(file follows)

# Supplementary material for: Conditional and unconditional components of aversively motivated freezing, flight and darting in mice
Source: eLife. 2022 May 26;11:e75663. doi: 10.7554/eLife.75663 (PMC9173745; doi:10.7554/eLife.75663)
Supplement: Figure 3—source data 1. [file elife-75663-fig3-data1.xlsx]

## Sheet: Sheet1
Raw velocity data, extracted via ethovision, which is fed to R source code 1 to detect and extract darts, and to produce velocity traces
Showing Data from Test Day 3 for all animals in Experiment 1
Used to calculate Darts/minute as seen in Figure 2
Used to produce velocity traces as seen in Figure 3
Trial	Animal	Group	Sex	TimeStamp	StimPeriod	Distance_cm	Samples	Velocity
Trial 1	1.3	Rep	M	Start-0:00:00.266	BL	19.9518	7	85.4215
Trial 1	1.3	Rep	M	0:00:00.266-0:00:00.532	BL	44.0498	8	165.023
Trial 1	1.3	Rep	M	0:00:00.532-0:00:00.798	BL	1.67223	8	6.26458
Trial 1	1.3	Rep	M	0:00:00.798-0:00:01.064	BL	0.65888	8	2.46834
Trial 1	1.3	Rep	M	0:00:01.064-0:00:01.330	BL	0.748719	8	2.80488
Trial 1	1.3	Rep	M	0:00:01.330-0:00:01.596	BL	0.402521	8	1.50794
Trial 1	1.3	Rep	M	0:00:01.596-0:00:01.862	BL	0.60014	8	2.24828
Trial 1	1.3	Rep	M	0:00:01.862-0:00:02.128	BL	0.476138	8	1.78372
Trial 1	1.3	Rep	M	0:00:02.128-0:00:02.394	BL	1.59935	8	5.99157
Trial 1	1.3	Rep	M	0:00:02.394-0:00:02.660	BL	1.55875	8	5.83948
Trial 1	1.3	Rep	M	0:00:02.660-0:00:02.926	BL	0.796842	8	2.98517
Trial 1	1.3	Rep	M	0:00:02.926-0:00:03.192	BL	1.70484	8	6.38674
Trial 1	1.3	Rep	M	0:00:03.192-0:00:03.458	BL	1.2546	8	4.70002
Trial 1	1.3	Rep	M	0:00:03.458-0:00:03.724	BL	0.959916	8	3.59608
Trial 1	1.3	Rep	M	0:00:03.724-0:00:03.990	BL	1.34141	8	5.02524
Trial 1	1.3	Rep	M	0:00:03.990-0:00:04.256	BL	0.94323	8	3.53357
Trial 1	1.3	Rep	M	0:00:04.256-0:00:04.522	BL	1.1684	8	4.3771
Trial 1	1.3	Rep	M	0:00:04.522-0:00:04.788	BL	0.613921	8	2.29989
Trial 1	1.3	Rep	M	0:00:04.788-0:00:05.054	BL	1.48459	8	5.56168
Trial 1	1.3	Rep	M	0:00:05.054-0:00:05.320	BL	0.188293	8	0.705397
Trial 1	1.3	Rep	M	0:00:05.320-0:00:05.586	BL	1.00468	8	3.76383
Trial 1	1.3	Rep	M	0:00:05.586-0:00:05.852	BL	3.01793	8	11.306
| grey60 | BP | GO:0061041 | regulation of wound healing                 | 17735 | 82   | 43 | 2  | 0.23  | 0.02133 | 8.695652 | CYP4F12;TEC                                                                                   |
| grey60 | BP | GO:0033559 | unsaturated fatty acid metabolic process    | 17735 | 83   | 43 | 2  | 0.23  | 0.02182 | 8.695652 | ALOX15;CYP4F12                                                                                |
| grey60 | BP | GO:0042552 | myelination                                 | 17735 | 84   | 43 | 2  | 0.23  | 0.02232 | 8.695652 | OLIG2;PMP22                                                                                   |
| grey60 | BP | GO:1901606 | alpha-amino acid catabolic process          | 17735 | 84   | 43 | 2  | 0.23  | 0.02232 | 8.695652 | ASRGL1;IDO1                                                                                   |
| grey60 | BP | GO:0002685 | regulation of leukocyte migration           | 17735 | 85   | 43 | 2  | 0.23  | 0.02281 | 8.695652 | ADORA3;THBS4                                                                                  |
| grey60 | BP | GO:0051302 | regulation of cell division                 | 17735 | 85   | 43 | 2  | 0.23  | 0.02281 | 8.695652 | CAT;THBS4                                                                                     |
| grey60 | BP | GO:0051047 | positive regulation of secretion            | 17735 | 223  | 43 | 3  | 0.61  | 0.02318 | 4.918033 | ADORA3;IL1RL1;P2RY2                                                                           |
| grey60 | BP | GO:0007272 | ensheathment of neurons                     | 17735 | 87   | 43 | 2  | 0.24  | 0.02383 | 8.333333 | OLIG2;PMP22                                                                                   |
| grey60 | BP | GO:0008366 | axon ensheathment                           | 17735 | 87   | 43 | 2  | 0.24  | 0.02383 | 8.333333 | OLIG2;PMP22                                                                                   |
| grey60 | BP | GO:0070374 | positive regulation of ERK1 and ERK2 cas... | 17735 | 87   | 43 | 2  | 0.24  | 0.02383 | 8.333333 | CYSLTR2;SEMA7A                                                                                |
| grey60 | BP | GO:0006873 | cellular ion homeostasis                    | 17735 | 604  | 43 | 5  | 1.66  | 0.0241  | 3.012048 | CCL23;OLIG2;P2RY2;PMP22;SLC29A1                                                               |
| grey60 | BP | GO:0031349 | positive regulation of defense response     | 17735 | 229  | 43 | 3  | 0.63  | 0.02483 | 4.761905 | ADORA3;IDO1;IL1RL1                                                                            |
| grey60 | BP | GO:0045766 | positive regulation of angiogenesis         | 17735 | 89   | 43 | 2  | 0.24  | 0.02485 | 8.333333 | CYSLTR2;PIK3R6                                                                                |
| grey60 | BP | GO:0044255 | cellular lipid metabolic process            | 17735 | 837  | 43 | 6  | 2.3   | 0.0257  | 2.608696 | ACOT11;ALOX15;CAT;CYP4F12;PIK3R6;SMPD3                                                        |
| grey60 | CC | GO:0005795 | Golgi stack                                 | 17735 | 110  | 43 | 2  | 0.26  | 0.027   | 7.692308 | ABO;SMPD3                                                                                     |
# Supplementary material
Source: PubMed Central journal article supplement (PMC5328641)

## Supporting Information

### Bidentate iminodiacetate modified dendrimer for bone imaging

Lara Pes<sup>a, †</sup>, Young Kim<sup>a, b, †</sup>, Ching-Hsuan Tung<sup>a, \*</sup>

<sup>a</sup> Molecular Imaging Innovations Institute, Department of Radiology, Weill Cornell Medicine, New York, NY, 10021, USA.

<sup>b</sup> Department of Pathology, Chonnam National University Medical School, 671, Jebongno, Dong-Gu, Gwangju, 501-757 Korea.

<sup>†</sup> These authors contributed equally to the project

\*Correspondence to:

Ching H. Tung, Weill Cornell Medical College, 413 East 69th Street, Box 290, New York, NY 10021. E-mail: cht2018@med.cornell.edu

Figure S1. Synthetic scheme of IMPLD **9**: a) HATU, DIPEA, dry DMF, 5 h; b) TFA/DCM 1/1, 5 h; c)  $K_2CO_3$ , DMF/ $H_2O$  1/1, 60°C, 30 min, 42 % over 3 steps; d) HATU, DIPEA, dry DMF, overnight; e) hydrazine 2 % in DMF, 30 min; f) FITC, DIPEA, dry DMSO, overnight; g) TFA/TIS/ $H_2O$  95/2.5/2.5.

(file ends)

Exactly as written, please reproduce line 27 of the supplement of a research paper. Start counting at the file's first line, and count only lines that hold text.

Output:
Trial 1	1.3	Rep	M	0:00:04.522-0:00:04.788	BL	0.613921	8	2.29989